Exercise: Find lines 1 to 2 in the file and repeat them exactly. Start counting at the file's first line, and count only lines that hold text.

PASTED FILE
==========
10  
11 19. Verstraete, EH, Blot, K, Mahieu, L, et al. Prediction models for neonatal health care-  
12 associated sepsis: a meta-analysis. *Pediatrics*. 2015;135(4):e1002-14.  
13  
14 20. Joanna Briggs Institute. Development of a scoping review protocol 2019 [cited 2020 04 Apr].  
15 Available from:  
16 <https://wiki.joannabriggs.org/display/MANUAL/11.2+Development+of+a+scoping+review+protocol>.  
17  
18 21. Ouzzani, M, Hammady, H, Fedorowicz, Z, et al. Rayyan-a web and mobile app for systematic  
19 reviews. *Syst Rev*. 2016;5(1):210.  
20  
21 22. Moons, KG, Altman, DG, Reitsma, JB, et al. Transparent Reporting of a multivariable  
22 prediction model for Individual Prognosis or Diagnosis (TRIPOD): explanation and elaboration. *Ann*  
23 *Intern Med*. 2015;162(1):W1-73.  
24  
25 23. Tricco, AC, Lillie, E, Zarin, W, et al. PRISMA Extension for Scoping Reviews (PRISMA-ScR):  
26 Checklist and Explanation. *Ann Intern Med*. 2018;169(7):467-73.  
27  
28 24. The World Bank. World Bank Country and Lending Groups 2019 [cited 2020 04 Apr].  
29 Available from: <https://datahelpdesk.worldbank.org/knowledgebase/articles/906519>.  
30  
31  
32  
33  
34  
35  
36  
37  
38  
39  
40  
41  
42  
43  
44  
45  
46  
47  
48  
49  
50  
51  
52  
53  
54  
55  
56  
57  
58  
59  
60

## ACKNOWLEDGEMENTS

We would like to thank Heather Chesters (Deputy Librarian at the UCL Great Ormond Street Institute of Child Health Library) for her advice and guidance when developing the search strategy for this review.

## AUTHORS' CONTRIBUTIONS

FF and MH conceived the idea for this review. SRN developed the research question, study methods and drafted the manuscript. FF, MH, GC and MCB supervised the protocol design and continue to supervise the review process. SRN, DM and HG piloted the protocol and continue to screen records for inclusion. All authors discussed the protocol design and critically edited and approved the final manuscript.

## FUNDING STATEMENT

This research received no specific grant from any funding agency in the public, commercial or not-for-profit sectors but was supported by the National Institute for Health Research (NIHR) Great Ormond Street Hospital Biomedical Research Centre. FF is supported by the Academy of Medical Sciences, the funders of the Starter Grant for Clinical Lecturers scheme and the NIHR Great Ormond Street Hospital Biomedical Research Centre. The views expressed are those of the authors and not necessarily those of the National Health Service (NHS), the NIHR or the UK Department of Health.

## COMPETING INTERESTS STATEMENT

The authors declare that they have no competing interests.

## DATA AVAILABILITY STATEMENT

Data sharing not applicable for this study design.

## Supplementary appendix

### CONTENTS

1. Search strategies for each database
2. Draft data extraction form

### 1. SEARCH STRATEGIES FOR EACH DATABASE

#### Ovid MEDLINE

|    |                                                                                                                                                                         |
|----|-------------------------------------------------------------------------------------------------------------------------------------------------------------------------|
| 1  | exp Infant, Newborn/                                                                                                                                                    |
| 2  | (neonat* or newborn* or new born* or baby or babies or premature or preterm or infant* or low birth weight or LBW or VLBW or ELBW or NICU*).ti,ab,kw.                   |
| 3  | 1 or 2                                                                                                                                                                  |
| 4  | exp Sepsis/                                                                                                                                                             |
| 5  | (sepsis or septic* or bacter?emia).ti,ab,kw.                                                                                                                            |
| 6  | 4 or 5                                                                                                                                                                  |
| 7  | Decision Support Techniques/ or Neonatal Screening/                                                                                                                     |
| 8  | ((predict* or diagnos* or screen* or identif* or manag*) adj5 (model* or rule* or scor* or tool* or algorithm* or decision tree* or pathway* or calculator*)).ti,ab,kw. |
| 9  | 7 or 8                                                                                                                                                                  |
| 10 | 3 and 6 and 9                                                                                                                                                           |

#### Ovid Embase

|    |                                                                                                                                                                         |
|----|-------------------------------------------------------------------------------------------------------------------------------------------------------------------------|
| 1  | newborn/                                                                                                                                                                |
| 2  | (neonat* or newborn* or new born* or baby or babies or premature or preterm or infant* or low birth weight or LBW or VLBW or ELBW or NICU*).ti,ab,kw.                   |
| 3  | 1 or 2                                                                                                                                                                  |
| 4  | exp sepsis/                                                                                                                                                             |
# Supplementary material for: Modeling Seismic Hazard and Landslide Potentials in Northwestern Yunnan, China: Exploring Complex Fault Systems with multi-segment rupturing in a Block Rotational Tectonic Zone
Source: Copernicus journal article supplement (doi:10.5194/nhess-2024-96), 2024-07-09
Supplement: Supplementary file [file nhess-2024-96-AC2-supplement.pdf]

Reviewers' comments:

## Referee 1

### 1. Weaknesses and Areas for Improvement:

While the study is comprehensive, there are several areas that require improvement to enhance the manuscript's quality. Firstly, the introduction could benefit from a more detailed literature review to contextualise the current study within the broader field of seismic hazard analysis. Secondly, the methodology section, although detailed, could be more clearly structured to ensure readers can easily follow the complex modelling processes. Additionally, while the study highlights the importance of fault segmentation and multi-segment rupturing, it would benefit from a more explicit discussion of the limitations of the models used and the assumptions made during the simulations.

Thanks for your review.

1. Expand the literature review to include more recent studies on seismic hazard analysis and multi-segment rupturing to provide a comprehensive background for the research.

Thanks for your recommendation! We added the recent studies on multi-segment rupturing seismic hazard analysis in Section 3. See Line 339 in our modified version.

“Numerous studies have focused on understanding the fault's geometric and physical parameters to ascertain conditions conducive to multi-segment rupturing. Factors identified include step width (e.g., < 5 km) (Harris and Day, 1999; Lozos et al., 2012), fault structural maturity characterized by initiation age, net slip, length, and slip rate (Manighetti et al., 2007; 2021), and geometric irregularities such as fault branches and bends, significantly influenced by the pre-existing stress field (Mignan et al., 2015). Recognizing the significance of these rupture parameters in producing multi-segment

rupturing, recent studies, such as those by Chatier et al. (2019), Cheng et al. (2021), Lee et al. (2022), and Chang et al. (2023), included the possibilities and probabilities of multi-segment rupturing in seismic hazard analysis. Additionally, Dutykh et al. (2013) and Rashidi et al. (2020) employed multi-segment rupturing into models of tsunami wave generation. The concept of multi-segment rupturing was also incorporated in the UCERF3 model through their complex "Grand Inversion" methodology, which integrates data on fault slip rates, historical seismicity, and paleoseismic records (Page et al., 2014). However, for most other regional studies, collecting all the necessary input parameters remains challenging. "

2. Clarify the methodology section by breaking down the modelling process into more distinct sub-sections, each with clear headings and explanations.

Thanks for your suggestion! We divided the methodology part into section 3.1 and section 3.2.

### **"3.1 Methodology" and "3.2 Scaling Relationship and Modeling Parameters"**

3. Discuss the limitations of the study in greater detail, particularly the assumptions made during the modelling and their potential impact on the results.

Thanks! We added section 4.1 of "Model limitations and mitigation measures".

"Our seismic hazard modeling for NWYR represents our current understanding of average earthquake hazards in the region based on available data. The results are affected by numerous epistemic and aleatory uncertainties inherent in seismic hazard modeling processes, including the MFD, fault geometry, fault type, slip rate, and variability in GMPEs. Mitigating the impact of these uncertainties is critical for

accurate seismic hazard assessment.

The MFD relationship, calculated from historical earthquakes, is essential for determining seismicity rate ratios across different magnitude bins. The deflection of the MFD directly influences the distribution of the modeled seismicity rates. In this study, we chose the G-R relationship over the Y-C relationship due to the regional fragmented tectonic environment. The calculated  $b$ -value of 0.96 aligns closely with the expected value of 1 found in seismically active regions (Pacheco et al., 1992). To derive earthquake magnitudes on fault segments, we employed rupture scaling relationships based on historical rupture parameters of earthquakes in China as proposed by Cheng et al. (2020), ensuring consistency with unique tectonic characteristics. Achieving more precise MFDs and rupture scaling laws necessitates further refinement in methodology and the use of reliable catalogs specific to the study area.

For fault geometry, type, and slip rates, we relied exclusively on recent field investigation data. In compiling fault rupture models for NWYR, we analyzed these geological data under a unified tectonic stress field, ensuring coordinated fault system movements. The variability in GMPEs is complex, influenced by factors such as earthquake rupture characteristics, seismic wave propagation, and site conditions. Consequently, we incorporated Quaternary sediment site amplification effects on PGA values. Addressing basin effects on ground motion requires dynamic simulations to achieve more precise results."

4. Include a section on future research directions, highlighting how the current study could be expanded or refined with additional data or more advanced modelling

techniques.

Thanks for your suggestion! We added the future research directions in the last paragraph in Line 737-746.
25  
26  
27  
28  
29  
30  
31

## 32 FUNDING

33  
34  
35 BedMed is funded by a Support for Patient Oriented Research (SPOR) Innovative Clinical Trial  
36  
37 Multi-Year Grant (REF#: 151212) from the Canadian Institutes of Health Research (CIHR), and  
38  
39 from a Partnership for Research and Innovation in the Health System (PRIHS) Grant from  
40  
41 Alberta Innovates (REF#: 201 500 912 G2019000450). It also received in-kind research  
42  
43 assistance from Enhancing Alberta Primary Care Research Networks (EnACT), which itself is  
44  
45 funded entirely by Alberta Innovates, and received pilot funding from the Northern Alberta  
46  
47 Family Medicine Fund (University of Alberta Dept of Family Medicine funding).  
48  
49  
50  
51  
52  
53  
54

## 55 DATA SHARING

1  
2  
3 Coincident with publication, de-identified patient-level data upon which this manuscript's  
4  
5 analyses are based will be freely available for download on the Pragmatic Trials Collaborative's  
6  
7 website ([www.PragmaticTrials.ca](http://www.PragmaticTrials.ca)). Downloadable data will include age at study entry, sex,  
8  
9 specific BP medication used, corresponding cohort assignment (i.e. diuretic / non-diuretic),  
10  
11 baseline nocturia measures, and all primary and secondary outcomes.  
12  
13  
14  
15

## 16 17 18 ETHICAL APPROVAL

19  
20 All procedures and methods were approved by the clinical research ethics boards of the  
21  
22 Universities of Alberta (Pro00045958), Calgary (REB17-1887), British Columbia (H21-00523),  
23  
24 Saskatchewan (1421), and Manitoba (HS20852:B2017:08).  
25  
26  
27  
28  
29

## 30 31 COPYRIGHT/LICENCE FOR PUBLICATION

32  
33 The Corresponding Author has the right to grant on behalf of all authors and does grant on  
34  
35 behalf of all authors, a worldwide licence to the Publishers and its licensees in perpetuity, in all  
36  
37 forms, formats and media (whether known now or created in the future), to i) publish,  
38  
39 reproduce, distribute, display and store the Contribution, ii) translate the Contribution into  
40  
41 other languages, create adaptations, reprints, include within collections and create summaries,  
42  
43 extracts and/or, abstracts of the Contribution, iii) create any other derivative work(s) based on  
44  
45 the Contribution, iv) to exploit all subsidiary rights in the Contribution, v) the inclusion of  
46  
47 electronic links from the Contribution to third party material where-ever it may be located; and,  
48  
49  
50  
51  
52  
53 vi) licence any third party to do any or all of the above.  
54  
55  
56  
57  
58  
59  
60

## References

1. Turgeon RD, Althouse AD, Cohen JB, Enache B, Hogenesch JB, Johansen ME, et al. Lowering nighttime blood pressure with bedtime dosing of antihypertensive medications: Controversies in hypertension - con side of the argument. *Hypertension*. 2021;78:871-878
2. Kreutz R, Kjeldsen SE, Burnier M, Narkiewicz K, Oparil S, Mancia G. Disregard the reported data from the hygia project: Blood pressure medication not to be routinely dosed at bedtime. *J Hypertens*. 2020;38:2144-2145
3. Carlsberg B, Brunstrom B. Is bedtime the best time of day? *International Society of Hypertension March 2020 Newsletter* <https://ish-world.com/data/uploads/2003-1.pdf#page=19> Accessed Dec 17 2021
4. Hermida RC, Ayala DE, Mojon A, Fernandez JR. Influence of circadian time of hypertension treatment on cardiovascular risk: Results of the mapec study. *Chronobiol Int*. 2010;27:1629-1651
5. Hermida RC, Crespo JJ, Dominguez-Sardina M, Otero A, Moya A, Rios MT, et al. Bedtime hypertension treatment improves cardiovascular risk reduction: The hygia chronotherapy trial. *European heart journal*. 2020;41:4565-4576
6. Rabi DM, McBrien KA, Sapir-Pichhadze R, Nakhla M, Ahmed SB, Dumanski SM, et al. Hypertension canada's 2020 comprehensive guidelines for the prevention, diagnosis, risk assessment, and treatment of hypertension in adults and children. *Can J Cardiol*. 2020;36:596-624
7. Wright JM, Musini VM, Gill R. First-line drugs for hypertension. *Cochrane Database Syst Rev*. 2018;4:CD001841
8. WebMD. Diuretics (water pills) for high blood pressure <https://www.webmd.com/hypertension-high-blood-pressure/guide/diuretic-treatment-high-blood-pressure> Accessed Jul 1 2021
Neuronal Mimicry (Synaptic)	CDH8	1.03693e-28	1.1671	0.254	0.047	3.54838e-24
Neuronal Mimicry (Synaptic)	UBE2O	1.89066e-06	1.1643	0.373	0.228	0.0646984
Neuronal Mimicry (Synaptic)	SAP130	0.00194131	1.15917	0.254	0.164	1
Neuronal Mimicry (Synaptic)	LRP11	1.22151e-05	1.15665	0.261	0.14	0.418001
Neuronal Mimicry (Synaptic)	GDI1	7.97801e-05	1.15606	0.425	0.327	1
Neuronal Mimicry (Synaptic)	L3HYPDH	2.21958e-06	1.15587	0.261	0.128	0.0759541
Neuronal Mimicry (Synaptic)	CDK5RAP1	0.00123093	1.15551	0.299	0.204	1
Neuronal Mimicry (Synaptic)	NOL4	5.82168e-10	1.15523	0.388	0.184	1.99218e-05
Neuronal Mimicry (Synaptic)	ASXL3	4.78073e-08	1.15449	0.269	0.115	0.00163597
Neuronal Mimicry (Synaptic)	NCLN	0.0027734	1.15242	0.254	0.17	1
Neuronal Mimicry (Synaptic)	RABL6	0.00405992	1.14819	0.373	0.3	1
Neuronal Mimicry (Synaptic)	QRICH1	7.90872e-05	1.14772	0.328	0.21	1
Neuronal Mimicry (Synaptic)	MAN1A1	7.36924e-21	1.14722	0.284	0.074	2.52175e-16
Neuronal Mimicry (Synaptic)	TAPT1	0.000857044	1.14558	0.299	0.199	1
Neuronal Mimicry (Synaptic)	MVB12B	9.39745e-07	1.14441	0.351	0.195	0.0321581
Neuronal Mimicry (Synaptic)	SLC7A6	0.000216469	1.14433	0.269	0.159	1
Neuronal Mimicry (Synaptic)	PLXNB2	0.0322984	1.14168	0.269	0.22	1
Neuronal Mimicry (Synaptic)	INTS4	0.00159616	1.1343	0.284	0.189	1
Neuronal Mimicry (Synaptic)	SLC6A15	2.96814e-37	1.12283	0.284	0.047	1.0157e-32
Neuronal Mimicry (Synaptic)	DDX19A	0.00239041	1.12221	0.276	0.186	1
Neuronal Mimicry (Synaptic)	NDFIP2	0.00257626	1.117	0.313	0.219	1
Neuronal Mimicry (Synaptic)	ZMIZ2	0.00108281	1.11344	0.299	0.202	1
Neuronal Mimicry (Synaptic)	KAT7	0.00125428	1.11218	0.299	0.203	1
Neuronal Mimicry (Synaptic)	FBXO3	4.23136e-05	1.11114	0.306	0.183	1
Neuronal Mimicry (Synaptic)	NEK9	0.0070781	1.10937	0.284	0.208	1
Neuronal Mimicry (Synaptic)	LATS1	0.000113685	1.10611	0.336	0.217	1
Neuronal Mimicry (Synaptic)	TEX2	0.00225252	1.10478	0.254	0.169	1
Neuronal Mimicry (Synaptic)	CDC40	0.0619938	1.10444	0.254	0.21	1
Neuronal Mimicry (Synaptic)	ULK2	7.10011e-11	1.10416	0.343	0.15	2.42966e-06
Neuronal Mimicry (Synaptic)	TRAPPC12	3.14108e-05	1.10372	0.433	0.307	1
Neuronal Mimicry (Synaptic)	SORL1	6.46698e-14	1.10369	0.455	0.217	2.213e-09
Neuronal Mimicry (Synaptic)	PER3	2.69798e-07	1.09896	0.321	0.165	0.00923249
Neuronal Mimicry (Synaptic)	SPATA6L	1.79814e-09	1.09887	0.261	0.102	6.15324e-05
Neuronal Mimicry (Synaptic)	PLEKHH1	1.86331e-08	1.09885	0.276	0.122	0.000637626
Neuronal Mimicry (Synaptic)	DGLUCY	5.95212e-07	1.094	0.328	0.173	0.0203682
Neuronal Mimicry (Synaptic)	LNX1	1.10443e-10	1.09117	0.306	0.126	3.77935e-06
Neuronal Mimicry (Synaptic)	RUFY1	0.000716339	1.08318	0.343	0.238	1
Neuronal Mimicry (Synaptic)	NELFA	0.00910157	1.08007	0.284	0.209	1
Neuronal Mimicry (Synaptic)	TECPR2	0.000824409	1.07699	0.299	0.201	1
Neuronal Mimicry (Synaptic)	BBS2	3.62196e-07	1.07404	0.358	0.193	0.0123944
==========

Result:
10  
11 19. Verstraete, EH, Blot, K, Mahieu, L, et al. Prediction models for neonatal health care-  